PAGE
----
Hillman, Laura. 2005. I Will Plant You A Lilac Tree.
"We are going to Brunnlitz, to Oskar Schindler's camp!" I recall the shouts of joy that filled the barrack at Plaszow. But the terrible place where I now stand is not that hoped-for refuge. It is Auschwitz. (1)
I Will Plant You A Lilac Tree is a memoir of one of the women saved by Oskar Schindler. Hannelore Wolff. Except for the two-page prologue, the book is a chronological account of Hannelore's life in Nazi Germany. The book opens with her attending a Jewish boarding school in Berlin. Since Hitler had come to power, it was dangerous for Jews to walk on public streets. In spite of the risk we walked along a tree-lined avenue in a suburb of Berlin, the ever-present yellow Stars of David sewn to our jackets. (3) One day she receives a letter from her mother with the news that her father has been taken by the Nazis and has died. Weeks later she receives another letter. A letter saying that her mother and two brothers will be deported to the East on May 8, 1942. In what could only be perceived as foolish-yet-brave behavior, Hannelore writes a letter to the Nazis saying that she wishes to be deported along with her family. They grant it. Now this family of four is facing the great unknown as they board a train that could lead them--probably will lead them--to their deaths.
Hannelore's story isn't always easy to read. Let's see if I can phrase this better. Those readers who aren't well-versed in Holocaust memoirs may find it difficult to read. The way the Jews are treated is despicable. It is callous. Hannelore's story is an account of some of the wrongs she faced, some of the wrongs she witnessed. But it is also a story of courage, of hope, of strength in a time of great despair. While sometimes surviving was a matter of luck--of chance--part of it had to do with will as well. Those that lost the will to live, those that gave up hope, those that gave in to despair... Starvation. Disease. Nazis. The Nazis were responsible either directly or indirectly for so many deaths. Hannelore's story of how she survived the various camps and came to be one of the lucky few saved by Schindler is amazing and fascinating and in places quite heartbreaking.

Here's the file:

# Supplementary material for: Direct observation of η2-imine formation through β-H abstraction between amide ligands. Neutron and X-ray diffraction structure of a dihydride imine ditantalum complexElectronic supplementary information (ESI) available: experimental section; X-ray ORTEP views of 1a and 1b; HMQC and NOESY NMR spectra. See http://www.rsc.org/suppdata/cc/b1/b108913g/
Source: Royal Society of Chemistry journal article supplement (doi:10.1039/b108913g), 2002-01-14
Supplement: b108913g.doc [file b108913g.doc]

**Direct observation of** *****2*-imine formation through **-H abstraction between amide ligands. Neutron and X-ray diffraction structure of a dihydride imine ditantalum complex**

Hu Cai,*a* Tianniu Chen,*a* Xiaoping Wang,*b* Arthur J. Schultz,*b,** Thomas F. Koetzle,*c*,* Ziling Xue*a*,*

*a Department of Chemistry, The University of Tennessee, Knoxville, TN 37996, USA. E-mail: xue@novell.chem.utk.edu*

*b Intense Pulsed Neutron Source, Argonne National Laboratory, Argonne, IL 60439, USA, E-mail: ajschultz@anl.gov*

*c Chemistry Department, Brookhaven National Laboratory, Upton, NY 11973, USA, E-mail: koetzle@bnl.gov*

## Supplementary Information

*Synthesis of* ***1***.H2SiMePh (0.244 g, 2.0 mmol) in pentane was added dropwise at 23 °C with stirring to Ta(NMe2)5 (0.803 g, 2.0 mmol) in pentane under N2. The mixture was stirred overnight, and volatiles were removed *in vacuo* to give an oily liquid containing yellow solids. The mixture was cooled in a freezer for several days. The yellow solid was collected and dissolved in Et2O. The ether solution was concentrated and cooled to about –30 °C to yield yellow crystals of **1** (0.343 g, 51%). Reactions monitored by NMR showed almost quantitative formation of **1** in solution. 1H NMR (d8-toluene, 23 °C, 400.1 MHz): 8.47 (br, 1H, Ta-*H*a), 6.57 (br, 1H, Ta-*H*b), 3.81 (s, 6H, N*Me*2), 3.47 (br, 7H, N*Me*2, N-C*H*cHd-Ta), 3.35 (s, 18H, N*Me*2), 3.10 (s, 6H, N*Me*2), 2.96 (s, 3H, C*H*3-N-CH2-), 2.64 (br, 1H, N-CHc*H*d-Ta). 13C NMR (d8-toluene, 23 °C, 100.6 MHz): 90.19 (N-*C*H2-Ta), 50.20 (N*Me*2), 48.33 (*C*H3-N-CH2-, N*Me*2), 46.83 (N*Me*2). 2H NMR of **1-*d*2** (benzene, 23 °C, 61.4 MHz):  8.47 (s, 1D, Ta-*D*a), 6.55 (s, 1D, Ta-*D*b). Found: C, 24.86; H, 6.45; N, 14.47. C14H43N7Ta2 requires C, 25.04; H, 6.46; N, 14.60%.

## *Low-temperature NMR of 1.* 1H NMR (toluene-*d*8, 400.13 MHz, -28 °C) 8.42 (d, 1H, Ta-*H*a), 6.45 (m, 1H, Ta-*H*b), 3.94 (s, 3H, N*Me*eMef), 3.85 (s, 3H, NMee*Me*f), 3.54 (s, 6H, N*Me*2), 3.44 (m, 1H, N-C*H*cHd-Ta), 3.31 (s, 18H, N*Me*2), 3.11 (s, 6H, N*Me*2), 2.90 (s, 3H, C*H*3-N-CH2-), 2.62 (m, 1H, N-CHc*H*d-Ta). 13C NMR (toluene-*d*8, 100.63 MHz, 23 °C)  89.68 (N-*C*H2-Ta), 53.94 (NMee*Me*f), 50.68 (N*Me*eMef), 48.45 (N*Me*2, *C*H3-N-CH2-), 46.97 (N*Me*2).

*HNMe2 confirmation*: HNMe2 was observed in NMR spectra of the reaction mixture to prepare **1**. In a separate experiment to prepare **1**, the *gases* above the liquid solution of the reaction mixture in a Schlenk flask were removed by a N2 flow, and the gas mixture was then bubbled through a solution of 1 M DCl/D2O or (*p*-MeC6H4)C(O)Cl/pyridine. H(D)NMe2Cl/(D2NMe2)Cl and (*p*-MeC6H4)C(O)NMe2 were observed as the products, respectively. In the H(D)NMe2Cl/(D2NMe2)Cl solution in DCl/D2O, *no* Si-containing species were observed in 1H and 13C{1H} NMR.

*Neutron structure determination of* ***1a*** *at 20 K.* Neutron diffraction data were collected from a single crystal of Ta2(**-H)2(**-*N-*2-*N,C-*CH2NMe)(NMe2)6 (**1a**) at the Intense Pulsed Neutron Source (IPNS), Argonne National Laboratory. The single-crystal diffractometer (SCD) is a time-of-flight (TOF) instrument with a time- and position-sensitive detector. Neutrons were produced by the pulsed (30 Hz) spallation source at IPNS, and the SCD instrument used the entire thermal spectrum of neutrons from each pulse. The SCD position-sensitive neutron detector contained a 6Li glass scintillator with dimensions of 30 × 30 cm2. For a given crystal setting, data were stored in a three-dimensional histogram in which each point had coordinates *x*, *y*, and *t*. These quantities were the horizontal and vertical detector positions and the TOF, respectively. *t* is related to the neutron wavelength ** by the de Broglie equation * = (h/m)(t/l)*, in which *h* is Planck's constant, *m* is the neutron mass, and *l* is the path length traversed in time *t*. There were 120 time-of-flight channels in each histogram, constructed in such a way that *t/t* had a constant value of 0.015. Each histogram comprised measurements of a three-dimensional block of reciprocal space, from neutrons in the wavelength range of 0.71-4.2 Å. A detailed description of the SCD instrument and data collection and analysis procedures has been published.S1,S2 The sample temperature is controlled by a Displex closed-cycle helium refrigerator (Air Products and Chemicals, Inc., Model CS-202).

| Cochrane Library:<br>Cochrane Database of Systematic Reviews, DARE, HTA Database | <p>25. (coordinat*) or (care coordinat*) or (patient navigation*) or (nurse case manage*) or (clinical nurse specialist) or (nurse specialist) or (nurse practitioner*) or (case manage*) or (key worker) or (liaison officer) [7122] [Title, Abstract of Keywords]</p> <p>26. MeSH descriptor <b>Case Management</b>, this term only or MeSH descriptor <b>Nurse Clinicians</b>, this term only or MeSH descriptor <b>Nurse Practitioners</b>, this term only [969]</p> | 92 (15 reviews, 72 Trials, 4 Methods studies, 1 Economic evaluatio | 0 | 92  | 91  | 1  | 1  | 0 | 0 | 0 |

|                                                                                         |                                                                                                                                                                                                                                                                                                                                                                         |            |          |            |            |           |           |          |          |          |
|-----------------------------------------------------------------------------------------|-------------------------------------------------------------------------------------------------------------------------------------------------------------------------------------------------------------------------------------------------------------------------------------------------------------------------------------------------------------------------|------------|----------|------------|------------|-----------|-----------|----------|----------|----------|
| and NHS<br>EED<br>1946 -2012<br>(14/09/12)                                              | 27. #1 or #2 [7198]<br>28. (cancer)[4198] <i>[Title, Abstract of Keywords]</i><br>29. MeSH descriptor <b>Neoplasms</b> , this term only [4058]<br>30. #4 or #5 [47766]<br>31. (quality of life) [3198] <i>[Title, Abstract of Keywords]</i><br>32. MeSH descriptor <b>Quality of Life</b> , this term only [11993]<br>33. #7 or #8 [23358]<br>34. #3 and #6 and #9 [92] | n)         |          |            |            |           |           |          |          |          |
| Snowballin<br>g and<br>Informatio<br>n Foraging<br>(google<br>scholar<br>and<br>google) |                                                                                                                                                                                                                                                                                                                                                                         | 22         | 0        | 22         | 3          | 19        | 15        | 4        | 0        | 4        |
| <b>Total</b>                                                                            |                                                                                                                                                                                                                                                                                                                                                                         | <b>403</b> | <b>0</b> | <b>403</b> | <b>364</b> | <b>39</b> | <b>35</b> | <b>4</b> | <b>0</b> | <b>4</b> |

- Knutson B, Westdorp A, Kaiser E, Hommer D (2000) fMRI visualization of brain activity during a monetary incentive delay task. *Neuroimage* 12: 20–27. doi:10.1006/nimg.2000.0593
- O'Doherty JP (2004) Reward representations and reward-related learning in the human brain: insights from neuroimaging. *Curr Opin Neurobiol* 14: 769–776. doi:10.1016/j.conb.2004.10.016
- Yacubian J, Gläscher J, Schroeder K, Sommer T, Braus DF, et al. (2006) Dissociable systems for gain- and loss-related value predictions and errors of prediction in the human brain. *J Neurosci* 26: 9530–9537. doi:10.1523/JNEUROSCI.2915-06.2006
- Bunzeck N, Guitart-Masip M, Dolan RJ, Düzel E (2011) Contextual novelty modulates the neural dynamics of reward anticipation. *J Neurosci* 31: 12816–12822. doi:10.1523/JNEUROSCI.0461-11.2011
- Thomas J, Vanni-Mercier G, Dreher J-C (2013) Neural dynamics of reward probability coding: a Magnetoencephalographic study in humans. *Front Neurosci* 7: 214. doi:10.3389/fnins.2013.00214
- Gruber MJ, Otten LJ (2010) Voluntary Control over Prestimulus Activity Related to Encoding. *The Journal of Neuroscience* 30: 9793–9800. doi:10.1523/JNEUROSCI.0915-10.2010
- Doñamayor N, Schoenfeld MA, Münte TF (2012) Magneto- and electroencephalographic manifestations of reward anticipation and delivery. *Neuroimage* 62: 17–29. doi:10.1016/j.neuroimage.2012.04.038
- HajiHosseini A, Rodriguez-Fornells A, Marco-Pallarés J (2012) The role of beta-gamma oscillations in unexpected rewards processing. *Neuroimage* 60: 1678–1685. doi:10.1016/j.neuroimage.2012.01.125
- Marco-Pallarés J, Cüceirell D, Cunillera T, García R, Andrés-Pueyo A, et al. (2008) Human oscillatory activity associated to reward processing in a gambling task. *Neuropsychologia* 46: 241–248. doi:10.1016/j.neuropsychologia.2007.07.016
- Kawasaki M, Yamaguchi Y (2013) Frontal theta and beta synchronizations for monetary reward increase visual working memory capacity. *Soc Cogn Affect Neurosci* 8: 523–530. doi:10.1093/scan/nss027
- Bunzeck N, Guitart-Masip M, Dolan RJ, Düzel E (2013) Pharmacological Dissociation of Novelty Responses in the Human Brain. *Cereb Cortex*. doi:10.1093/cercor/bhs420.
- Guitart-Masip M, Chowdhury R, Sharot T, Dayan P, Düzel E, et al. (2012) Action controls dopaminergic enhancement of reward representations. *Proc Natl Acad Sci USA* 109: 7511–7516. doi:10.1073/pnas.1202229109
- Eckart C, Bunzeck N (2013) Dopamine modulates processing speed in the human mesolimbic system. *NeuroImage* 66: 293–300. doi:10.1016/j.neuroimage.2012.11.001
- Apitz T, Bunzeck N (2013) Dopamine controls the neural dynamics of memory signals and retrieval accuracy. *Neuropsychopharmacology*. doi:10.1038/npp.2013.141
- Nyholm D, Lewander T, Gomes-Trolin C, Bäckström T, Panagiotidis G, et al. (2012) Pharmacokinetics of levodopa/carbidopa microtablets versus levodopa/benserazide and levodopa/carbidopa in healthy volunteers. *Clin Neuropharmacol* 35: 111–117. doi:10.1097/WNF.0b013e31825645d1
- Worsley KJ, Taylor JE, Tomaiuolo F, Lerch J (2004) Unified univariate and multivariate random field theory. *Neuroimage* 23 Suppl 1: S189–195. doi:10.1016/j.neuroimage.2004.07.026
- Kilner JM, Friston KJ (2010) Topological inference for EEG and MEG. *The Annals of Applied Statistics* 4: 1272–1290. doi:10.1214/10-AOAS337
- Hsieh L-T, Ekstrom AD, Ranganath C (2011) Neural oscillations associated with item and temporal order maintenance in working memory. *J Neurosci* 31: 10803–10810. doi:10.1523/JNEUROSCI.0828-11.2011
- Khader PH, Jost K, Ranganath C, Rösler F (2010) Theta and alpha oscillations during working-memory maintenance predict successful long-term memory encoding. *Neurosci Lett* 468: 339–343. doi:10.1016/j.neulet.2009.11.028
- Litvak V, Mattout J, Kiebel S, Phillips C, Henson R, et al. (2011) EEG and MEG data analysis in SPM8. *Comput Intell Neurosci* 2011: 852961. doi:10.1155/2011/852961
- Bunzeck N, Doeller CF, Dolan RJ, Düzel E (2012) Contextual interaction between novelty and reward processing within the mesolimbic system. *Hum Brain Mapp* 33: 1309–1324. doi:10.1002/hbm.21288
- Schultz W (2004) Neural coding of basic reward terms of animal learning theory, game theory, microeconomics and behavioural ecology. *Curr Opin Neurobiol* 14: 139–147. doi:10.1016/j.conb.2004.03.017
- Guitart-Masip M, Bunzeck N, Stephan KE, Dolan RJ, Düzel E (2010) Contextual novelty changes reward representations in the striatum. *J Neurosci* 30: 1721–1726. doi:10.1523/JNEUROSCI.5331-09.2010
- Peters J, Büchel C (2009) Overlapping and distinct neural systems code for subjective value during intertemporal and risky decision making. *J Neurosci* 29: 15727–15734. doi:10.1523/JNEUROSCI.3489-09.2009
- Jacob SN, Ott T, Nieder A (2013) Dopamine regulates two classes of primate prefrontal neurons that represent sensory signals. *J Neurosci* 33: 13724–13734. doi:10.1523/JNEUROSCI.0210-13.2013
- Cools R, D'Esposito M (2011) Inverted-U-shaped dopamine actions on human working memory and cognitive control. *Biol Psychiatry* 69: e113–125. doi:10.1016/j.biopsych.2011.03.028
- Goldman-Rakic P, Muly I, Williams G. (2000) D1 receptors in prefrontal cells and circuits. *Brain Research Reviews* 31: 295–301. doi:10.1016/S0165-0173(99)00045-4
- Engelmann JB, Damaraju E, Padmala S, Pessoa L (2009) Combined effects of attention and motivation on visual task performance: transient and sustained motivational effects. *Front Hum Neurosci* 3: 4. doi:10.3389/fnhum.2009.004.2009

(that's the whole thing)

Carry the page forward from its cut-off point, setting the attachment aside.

But this memoir isn't just a testament of survival, and it isn't just an account of the wrongs against the Jewish people. It is a love story as well, a story of how love can be found even in the darkest places, the most despairing times. A story of how one young man and one young woman found hope and love in each other. A story of how that love helped them endure.
I definitely recommend this one.
To read other Nonfiction Monday posts, visit the roundup.
Review: Tendrils of Life
24 minutes ago